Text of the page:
University Researchers Represented at CeBIT

Several research teams from the University of Bremen will be presenting their work to the public at this year’s CeBIT fair, which takes place in Hanover from Tuesday1st till Saturday 5th March. Among those attending the world’s largest computer fair this year are teams from the Bremen Institute of Production and Logistics (BIBA), the Institute of Automation (IAT), and members of the Arbeitsgruppe Rechnerarchitektur- AGRA [working group computer architecture] at the University of Bremen.

The AGRA will be presenting three examples of their work in Hall 9/Booth A08. Their research involves the design and construction of modern electronic systems – ranging from MP3 players to aircraft control systems. Among the examples on display will be a model railway which illustrates how axle counters can be used as a safety measure in the control of rail traffic.

This year BIBA is represented twice over: In Hall 9/Booth A08 visitors will be able to learn about the results of a research project on Predictive Maintenance, which entails the maintenance and servicing of machines with computer-aided systems. The BIBA team will also exhibit their “logistics factory bench”, by means of which they illustrate the complex interplay of logistical processes in the State of Bremen in a way everyone can understand.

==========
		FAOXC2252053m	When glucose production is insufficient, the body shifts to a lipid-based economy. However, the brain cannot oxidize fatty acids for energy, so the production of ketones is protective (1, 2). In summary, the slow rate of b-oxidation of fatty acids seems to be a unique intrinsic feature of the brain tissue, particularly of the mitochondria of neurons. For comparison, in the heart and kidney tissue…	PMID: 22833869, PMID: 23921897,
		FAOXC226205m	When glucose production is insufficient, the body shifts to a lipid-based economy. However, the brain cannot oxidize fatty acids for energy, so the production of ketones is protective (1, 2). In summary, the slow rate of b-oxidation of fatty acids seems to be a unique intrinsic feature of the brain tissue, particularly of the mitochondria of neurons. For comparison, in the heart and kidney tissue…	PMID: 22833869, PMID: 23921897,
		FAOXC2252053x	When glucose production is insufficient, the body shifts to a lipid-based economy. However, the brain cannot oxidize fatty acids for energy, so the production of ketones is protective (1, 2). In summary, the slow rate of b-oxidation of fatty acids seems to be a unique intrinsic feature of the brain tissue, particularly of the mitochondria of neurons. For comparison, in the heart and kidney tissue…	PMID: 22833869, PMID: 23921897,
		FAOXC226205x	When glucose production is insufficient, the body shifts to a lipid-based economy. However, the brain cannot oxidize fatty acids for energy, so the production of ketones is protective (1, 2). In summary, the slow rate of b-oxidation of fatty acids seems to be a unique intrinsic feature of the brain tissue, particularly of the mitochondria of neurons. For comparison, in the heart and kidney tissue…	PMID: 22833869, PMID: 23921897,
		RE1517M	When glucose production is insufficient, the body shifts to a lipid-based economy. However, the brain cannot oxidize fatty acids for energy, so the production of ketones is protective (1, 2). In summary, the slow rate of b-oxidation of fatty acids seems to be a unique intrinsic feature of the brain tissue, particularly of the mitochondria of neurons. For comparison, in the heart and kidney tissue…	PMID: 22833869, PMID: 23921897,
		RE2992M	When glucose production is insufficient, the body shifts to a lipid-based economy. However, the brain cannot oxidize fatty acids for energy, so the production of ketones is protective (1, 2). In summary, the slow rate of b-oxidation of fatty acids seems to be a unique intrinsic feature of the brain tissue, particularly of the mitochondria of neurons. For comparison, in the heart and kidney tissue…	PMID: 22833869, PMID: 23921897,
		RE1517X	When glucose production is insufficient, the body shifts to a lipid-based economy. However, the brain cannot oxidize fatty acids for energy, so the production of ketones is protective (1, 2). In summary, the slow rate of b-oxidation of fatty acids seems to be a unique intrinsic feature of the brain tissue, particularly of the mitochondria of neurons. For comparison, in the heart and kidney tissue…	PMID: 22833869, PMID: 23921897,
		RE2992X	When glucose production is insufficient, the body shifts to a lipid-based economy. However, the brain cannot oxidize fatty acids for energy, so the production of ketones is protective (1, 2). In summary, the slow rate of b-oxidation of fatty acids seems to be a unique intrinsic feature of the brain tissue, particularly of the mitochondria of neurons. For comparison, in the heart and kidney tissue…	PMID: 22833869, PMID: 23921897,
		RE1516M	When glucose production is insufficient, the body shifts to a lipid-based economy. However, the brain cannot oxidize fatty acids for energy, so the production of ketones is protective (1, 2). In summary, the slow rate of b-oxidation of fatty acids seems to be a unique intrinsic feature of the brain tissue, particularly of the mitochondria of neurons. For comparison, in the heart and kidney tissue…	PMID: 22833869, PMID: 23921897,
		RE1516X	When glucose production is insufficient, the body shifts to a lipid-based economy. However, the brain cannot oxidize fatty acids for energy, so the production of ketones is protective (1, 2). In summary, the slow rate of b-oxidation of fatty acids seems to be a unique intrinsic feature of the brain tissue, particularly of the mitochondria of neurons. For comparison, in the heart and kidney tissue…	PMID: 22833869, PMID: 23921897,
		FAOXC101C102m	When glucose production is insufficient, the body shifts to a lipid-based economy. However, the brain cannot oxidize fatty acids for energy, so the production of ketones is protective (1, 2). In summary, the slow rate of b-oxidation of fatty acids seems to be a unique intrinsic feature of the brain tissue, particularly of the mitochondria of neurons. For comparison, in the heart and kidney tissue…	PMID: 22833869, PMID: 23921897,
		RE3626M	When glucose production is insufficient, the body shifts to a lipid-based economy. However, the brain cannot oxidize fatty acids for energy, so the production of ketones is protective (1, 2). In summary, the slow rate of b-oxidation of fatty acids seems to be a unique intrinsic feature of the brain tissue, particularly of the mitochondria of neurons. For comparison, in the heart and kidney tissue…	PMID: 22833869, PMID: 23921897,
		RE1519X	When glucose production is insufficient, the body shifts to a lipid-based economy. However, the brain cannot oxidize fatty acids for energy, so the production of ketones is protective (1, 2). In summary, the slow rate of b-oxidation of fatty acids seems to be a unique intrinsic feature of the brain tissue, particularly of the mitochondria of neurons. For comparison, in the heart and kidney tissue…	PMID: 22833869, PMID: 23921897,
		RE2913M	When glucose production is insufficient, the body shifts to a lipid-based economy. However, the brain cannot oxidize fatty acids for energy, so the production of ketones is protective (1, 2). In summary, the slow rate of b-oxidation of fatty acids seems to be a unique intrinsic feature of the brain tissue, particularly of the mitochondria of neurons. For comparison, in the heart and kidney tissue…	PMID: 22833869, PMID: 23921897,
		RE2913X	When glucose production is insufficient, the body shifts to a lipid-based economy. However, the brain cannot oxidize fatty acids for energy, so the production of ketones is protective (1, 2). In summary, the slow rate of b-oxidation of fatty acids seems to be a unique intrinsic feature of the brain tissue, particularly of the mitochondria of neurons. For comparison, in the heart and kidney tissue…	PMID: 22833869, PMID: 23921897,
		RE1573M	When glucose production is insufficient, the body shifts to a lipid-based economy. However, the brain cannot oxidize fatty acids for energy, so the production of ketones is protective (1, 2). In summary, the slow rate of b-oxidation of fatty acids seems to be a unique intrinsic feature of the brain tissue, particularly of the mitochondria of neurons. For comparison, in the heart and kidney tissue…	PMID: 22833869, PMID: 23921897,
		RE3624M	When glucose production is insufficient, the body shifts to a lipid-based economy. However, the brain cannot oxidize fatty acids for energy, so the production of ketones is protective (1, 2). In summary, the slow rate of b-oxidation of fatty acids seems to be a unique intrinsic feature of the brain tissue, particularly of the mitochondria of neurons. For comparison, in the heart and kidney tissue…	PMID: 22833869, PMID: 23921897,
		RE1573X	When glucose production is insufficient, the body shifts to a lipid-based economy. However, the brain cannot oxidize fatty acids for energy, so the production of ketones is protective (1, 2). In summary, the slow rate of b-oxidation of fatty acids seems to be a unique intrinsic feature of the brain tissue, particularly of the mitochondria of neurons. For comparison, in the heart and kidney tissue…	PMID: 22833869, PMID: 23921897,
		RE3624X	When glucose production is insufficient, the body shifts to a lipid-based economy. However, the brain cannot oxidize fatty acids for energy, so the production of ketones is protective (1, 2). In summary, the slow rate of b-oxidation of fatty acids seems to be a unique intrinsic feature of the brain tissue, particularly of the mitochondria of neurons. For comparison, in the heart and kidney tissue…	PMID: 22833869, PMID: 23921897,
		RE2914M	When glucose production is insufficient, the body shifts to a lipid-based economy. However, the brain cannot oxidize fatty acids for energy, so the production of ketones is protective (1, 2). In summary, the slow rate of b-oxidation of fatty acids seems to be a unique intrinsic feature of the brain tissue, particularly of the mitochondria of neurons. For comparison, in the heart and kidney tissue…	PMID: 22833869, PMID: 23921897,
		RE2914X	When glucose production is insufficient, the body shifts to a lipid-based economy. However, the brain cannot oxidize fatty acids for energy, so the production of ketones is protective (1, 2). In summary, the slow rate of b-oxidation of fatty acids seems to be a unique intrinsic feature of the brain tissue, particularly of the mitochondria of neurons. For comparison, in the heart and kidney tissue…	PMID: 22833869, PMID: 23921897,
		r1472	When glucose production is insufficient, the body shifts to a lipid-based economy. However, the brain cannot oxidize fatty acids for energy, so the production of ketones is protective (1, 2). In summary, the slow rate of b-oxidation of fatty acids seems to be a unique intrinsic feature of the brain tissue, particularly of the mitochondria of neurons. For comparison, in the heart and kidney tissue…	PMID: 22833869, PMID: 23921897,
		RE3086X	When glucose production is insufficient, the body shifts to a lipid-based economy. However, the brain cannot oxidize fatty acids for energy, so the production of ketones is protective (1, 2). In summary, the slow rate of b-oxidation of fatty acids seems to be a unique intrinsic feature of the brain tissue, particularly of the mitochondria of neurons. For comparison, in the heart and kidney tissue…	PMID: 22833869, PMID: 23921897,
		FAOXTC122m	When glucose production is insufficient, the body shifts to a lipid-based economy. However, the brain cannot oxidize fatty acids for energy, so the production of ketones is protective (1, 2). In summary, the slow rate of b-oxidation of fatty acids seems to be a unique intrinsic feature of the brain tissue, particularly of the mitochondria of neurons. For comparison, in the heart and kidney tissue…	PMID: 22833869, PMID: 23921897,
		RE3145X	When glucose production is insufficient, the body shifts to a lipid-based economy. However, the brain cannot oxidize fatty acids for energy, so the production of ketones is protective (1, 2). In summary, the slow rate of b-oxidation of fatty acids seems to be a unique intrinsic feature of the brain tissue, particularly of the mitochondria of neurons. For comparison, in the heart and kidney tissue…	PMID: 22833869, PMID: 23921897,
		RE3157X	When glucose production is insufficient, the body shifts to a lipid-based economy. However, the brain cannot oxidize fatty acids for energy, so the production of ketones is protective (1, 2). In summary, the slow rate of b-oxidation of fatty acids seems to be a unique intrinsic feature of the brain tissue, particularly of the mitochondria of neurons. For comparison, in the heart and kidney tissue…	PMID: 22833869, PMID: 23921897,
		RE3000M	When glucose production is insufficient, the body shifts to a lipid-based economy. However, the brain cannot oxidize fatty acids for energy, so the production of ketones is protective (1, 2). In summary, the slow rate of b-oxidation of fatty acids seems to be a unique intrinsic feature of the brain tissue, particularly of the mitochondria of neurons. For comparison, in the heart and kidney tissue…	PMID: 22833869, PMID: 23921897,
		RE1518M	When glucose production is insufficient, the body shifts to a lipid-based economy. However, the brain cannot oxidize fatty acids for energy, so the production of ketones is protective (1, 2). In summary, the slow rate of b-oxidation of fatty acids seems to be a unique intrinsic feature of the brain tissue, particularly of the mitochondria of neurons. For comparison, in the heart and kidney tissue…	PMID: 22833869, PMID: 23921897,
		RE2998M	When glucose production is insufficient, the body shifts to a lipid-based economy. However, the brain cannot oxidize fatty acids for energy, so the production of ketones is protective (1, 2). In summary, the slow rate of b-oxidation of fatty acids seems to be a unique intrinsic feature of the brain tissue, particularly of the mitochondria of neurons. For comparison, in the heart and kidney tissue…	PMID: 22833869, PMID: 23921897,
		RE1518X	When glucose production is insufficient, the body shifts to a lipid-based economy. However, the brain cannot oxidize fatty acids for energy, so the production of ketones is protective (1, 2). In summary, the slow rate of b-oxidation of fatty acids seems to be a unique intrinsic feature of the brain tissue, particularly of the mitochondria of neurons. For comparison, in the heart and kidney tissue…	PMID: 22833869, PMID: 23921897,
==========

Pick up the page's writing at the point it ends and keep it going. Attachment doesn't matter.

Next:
BIBA is also presenting another two of its projects on the booth run jointly with AIM-D e.V., a leading trade association in the field of automatic identification (AutoID), in Hall/Booth D12 (AutoID/RFID Solutions): the ProKon research project (deployment of innovative information and communication technologies for process control in port-handling management) and RAN (RFID-based Automotive Network). Here, BIBA illustrates possibilities for automatic RFID identification and vehicle tracking along global logistics chains.

The Automation Institute (IAT) can be found in Hall 9/Booth 08, where they will present the BRAIN research project. This EU project investigates how robots can be remotely controlled by means of the human brain, for instance by concentrating on a task like opening the door or serving food. This technology harbors enormous benefit potential for disabled persons. For some years now, the researchers at IAT have been collaborating with partners in other EU countries on the project entitled “BCIs with Rapid Automated Interfaces for Non-experts” - or BRAIN for short. At this year’s CeBIT they will present the latest developments and invite visitors to participate in a hands-on experience.